If you wish to celebrate Christmas or Hanukah publicly, there are dozens of opportunities. If you'd like to observe both holidays on the same occasion, it's more of a challenge.

But it's getting a little easier.

One group that mingles the celebrations is the Handel Festival Orchestra, whose conductor, Stephen Simon, is Jewish. Its executive director, Bonnie Simon (Stephen's wife), is not. The HFO will produce its second Christmas-Hanukah family-style sing-along Sunday at 2:30 in the Kennedy Center Concert Hall.

"We came up with the idea," says Bonnie Simon, "because there is no place for people to come together and sing during the holidays. There is a body of holiday music that is typically American, but it has been relegated to the shopping malls."

"Our program is like the community experience of 100 years ago, where people got together to sing carols on the village square," says Stephen Simon.

Another program that mixes Christmas and Hanukah is the annual holiday spectacular at Lake Anne Plaza, held last week in Reston.

Susann Gerstein, a member of Schoreschim, an independent Jewish congregation, is one of its organizers. Music for the event includes local elementary school choirs singing both Christmas and Hanukah songs.

"If Hanukah came at a different time of year, it would probably be celebrated in a much less public way," says Gerstein. "But there is in the two holidays a comparable element of joy that you want to share and demonstrate with your whole community."

Myrna Wahlquist, a public communications specialist for the Church of Jesus Christ of Latter-day Saints in Kensington, also believes in sharing the holidays. The church ambitiously programs an annual Festival of Lights, which includes three concerts every night through December.

"I don't see any conflict in celebrating the two holidays together," says Wahlquist.

"... The Jewish tradition of wonderful music and song coming out of times of adversity relates to the LDS experience, especially the trials and tribulations on the pioneer trail when the travelers would sing and dance to offset the tragedy and to experience the joy."

Church member Kira Davis, who is also a member of King David's Harp, a quartet that performs Jewish music, will perform at the Festival of Lights on Dec. 22 with her children.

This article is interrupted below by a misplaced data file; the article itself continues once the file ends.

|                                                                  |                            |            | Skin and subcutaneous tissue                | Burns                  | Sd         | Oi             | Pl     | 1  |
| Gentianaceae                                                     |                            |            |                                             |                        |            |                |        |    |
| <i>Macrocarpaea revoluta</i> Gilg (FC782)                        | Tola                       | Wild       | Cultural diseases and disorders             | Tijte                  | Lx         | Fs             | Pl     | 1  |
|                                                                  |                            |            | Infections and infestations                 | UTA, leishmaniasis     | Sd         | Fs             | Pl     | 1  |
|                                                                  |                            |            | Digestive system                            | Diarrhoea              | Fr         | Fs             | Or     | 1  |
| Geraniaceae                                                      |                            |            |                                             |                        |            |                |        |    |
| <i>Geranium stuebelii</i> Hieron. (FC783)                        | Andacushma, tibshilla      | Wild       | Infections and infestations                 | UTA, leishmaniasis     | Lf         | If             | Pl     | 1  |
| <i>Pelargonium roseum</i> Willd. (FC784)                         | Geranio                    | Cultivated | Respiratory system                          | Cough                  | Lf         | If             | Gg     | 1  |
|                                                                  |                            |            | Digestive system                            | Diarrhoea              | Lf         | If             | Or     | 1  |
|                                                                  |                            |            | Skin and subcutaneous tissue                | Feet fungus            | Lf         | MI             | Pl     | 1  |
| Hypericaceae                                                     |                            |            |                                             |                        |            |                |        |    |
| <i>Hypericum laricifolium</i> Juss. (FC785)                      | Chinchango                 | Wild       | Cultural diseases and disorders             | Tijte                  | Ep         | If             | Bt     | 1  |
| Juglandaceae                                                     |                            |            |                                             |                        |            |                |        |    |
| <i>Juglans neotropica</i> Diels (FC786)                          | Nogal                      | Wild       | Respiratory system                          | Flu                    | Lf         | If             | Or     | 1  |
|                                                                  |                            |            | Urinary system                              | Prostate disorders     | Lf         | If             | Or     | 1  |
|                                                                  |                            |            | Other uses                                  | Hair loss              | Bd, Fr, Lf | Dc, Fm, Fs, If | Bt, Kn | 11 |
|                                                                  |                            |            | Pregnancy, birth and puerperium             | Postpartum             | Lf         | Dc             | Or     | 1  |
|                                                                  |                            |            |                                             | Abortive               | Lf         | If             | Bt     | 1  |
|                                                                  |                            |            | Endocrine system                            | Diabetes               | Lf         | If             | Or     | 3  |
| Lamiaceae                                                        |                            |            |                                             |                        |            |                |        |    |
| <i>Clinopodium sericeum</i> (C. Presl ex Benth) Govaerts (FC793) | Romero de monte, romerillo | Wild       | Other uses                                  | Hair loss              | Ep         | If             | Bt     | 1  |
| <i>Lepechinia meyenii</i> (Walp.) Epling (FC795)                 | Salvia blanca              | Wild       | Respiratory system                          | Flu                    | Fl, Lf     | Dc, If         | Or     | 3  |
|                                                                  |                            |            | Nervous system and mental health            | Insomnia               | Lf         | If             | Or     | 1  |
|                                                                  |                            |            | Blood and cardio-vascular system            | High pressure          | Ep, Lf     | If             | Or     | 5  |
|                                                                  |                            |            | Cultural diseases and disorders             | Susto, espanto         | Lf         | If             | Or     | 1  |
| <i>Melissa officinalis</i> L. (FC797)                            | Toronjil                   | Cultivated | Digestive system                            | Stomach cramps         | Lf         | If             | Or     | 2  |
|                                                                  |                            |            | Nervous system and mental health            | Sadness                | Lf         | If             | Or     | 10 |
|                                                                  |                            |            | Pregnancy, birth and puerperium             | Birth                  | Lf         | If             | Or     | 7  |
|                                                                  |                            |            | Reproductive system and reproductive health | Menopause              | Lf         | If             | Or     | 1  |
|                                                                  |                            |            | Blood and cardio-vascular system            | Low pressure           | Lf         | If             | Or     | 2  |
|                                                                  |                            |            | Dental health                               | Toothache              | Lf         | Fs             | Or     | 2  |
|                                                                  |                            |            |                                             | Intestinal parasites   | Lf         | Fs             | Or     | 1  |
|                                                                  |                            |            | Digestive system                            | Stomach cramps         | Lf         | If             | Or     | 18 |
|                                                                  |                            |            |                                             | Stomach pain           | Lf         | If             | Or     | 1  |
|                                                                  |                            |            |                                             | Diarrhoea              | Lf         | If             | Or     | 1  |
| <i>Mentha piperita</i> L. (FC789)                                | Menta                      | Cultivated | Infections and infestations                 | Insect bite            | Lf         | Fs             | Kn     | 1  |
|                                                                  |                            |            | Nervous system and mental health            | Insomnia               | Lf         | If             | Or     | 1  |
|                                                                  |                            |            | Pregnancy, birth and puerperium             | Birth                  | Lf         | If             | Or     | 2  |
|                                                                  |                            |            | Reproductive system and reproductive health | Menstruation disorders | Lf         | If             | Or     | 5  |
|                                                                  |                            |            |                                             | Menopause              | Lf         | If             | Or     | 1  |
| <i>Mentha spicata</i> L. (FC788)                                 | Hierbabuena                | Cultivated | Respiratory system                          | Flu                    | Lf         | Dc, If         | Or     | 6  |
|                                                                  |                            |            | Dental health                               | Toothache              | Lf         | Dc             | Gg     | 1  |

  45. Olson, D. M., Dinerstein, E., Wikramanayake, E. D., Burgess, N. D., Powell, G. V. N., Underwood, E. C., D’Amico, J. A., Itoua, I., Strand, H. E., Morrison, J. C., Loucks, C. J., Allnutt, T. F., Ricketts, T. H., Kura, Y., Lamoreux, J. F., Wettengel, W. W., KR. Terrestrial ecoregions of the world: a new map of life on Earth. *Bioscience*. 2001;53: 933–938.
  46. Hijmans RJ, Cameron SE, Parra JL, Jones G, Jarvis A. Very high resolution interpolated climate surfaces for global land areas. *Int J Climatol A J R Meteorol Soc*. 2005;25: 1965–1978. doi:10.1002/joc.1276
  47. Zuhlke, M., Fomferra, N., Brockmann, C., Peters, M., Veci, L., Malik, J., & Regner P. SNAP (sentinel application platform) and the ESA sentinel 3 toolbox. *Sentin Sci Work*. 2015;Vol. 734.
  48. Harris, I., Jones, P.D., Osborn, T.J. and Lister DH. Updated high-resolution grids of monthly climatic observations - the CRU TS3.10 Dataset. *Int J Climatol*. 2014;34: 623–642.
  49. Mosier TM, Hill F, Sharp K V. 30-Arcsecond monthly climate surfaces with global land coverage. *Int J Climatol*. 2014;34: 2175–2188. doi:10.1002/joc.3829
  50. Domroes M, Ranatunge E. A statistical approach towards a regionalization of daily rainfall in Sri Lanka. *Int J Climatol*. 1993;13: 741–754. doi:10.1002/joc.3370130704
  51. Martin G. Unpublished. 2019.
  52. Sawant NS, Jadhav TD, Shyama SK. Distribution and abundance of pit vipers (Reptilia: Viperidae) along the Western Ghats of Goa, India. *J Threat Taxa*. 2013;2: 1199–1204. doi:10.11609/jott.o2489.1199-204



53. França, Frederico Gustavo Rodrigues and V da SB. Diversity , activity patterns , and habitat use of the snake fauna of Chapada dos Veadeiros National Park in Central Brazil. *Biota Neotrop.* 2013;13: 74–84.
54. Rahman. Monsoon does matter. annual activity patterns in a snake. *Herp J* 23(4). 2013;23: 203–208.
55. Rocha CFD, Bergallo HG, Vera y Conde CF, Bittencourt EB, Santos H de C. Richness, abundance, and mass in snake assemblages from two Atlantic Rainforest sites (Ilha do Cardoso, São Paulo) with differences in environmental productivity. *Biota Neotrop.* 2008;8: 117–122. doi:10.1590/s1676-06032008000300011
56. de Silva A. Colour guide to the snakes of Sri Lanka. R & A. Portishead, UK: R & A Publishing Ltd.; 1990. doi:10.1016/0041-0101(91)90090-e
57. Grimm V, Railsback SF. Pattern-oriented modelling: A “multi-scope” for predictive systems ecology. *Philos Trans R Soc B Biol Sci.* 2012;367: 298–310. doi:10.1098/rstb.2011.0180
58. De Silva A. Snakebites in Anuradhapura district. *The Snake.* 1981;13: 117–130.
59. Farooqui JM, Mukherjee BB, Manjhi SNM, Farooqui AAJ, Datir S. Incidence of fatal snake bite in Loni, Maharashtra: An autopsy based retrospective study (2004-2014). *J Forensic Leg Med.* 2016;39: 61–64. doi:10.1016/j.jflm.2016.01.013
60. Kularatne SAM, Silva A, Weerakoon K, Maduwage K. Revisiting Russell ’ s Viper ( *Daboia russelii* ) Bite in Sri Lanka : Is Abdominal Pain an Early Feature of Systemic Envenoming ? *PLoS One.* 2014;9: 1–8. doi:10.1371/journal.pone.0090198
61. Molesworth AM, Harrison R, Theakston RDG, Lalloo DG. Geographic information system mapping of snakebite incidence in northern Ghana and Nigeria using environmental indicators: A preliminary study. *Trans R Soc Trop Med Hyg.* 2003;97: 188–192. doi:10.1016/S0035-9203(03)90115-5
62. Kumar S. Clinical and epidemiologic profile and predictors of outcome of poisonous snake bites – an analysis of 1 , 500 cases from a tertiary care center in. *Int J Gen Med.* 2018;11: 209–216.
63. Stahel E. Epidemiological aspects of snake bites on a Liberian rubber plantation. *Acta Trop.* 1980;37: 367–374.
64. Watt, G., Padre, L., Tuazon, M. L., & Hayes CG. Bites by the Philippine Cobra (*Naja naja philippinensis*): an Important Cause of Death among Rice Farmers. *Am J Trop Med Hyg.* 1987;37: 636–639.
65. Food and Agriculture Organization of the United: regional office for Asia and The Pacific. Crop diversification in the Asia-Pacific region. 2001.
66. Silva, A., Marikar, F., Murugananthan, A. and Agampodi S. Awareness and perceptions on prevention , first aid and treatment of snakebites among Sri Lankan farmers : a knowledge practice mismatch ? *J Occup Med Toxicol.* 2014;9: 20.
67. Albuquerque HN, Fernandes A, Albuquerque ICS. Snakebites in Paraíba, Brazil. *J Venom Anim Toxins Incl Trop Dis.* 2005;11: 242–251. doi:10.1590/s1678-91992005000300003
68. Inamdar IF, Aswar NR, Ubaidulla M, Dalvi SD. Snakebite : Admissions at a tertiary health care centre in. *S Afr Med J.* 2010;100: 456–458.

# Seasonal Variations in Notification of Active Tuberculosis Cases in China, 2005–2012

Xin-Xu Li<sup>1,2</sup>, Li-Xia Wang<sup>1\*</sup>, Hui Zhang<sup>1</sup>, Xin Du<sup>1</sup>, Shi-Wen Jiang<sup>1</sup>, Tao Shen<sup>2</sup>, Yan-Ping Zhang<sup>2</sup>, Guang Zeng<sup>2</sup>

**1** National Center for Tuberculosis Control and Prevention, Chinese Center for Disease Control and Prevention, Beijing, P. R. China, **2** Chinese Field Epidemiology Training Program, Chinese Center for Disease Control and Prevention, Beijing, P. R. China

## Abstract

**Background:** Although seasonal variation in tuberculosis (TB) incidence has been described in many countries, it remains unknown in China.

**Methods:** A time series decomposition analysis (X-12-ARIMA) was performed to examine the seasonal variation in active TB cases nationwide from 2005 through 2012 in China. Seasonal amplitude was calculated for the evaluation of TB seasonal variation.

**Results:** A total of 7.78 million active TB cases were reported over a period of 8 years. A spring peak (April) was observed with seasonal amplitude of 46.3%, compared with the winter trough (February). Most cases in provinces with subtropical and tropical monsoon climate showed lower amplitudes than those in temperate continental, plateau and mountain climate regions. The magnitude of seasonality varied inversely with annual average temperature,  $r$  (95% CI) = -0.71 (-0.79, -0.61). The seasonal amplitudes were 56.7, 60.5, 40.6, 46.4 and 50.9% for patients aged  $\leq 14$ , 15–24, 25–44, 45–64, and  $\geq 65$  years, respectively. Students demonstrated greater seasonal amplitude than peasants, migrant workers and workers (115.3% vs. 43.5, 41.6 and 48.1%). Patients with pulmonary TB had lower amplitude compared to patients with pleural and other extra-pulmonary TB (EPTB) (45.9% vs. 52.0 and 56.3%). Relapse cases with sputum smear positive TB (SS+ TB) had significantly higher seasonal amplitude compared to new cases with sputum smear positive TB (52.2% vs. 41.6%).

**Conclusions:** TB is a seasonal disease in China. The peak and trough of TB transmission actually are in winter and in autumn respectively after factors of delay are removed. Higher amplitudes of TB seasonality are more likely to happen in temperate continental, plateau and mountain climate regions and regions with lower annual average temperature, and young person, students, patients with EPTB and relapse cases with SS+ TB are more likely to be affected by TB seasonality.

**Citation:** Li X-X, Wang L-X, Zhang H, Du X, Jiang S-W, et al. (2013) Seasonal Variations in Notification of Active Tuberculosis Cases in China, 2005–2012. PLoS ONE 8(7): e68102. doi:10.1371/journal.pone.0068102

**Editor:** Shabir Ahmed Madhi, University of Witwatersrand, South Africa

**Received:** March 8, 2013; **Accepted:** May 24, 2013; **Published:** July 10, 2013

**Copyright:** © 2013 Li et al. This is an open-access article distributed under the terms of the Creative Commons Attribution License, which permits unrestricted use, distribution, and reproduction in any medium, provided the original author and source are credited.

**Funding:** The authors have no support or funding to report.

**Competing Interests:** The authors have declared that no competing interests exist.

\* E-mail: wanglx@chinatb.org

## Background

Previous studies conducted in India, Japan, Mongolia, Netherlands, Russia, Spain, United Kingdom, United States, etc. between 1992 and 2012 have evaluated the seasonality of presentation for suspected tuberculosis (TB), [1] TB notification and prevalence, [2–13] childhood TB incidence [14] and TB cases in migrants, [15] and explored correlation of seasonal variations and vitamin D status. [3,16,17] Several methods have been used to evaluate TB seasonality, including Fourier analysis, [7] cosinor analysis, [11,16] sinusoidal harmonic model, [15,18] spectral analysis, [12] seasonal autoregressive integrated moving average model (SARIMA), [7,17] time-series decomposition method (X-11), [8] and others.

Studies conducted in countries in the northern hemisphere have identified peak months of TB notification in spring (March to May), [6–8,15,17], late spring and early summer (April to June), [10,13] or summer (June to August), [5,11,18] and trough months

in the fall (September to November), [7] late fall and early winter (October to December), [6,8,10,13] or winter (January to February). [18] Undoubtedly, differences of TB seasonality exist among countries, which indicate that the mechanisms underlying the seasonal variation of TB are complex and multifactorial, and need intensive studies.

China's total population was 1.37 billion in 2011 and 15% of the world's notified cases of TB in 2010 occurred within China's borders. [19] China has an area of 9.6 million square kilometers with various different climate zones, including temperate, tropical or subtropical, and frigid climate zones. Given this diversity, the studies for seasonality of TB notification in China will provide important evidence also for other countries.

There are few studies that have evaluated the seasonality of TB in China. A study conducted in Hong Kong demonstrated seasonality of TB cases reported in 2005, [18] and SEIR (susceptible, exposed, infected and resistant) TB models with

"We will be singing and playing Hanukah songs as well as Christmas carols," says Davis. She adds that King David's Harp will also perform the week after Christmas at the Smithsonian's National Museum of American History as part of a multicultural offering.

Clark Lobenstine, executive director of the Interfaith Conference of Metropolitan Washington, supports the idea of different cultures celebrating together.

The IFC just performed its 11th annual ecumenical Thanksgiving concert including music from Islamic, Jewish, Christian and Sikh faiths. "We ask each choir to sing the music out of its tradition," says Lobenstine. "It {the concert} represents people of faith working together in a world of violence. Unity in a broken world."

Jim Holloway, music director of the Gay Men's Chorus of Washington, says his group calls its December performances "holiday concerts," to include both Christians and Jews.

This year's program will include a movement from Leonard Bernstein's Chichester Psalms, sung in Hebrew.

"It is not strictly Hanukah music, but it has an association with that holiday," he says.

The chorus will also sing "Cantique de Noel" and do a playful segment called "Santa's Workshop."

Betty Buchanan, director of the Capitol Hill Choral Society, which puts on two free holiday concerts, says she tries to include selections from both Christian and Jewish backgrounds.

Last year, her choir sang part of the Chichester Psalms. Last weekend it performed three psalms from the Old Testament.

"It isn't really Hanukah music. It is sung in Latin, not Hebrew, but we have a lot of Jewish people who sing with us, so I try to make the concerts as ecumenical as possible," Buchanan says.

Within the Jewish community, there is some objection to mixing the holidays.

Elaine Mann, assistant executive director of the Jewish Community Center of Greater Washington, is uncomfortable with combining the two.

"It diminishes the significance of both," she says. "Hanukah used to be a simple holiday, with family and folk customs, not celebrated in the synagogue. Because of its proximity to Christmas, it has taken on a higher profile. Hanukah is not a Jewish Christmas," Mann points out.

David Shneyer, cantor of Kehila, an independent Jewish congregation in Maryland, and head of the Fabrangen Fiddlers, a Jewish instrumental-vocal group, takes a milder stance. Having participated in interfaith concerts in the past, he considers it a sharing of different faith traditions.

Some upcoming concerts and events:

Holiday Spectacular, 2:30 p.m. Sunday, Kennedy Center Concert Hall. Call for tickets (202-452-1321).

The Festival of Lights, Church of the Latter-day Saints, Kensington. Includes Christmas festivities and concerts every evening through Dec. 31. Concerts at 6:30, 7:30 and 8:30. Free.

The Gay Men's Chorus of Washington will hold concerts at 8 p.m. tonight and tomorrow at the Church of the Epiphany, 1317 G St. NW. Prices are $15 a ticket.

The Smithsonian's National Museum of American History holiday celebration from noon to 4 p.m. from Dec. 26 to Dec. 31 with music, storytelling, holiday-craft demonstrations and foods of Christmas, Hanukah, Kwanzaa and New Year. For more information, 202-357-2700.

On Monday, Anne Sheldon and Margery Maidman present "The Holly and the Candle," a selection of Christmas and Hanukah stories for young and old, at the Georgetown Public Library, Wisconsin and R streets NW, at 7:30 p.m. 301-588-5516.